|Similar Pyura, Pyuridae, Pyura praeputialis, Pyura spinifera, Stolidobranchia|
Pyura pachydermatina is a sea tulip, a solitary species of tunicate in the suborder Stolidobranchia. It is native to shallow waters around New Zealand.
Pyura pachydermatina has a club-shaped body supported by a long stalk, both being covered by a tough exterior tunic. In colour it is off-white or a garish shade of reddish-purple. The stalk is two thirds to three quarters the length of the whole animal which helps distinguish it from certain invasive tunicates not native to New Zealand such as Styela clava and Pyura stolonifera. It is one of the largest species of tunicates and can grow to over a metre (yard) in length.
Distribution and habitat
Pyura pachydermatina is found attached to rocks in shallow, wave-swept areas of the seas around New Zealand. It is a filter feeder. It is usually found subtidally and prefers cooler waters than does Pyura stolonifera.
Pyura pachydermatina has a lifespan of about one year. It breeds in the winter after which the adult generation die. The planktonic larvae settle on the seabed in late winter and early spring. It co-exists with a parasitic ribbon worm, Gononemertes australiensis which lives in its digestive gland or body cavity. This has a similar annual life cycle, the peak of which is synchronised with that of its host. The ribbon worm larvae invade their hosts when they are juveniles soon after settlement and become precociously mature within three weeks. This means that the maximum number of ribbon worm larvae are available to invade the hosts when they are newly settled. Almost all the tunicates contain at least one worm.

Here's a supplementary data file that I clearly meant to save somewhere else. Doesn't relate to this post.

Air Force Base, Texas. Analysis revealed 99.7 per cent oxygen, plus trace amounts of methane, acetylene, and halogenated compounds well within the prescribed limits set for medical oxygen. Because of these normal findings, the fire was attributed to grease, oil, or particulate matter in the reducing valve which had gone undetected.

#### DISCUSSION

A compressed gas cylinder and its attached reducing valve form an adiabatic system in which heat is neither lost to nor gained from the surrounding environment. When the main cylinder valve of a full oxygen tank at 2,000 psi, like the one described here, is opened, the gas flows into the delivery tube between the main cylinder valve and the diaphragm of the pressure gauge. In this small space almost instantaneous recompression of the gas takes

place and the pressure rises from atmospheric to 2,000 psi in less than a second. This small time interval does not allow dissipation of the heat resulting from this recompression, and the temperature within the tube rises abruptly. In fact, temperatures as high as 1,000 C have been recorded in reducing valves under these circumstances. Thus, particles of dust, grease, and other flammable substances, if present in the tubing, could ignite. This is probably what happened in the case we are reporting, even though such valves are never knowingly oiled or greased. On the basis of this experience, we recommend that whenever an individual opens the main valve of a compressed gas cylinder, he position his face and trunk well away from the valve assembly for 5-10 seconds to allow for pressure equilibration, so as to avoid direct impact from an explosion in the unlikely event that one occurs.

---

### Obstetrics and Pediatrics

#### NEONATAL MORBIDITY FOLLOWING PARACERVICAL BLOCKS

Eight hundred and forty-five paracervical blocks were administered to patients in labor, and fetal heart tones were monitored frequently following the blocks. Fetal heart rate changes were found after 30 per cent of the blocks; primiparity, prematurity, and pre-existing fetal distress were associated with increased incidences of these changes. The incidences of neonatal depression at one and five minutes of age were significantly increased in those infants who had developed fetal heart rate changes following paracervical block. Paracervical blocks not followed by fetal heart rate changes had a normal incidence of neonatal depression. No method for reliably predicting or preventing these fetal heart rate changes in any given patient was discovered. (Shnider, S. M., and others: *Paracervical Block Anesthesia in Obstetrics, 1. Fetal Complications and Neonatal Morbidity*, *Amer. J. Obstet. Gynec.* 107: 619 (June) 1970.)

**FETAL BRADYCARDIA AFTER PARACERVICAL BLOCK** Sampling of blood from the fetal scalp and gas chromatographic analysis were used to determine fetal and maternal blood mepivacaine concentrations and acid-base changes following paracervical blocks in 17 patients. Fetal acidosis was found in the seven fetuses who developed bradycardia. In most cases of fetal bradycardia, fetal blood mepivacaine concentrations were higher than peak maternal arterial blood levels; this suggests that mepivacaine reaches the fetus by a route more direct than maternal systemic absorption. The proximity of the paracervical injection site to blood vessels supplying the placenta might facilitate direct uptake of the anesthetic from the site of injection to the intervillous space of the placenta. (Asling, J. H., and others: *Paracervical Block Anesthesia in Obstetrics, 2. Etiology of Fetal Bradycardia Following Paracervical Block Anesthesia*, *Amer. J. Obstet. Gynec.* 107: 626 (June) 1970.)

Cells lining the gut of Pyura pachydermatina have been found to contain an insulin-like material in two forms that are immunologically active.
The tissues of this tunicate are strengthened by the presence of two types of spicules. In the blood vessels in the tunic there are dogbone-shaped spicules and in the vessels in the body wall there are antler-shaped spicules. These spicules have a core of amorphous calcium carbonate enveloped in an insoluble layer of organic material with a thick exterior covering of calcite. This is in contrast to the spicules of a sponge such as Clathrina which has a calcite core, a thick layer of amorphous calcium carbonate and a thin outer covering of calcite.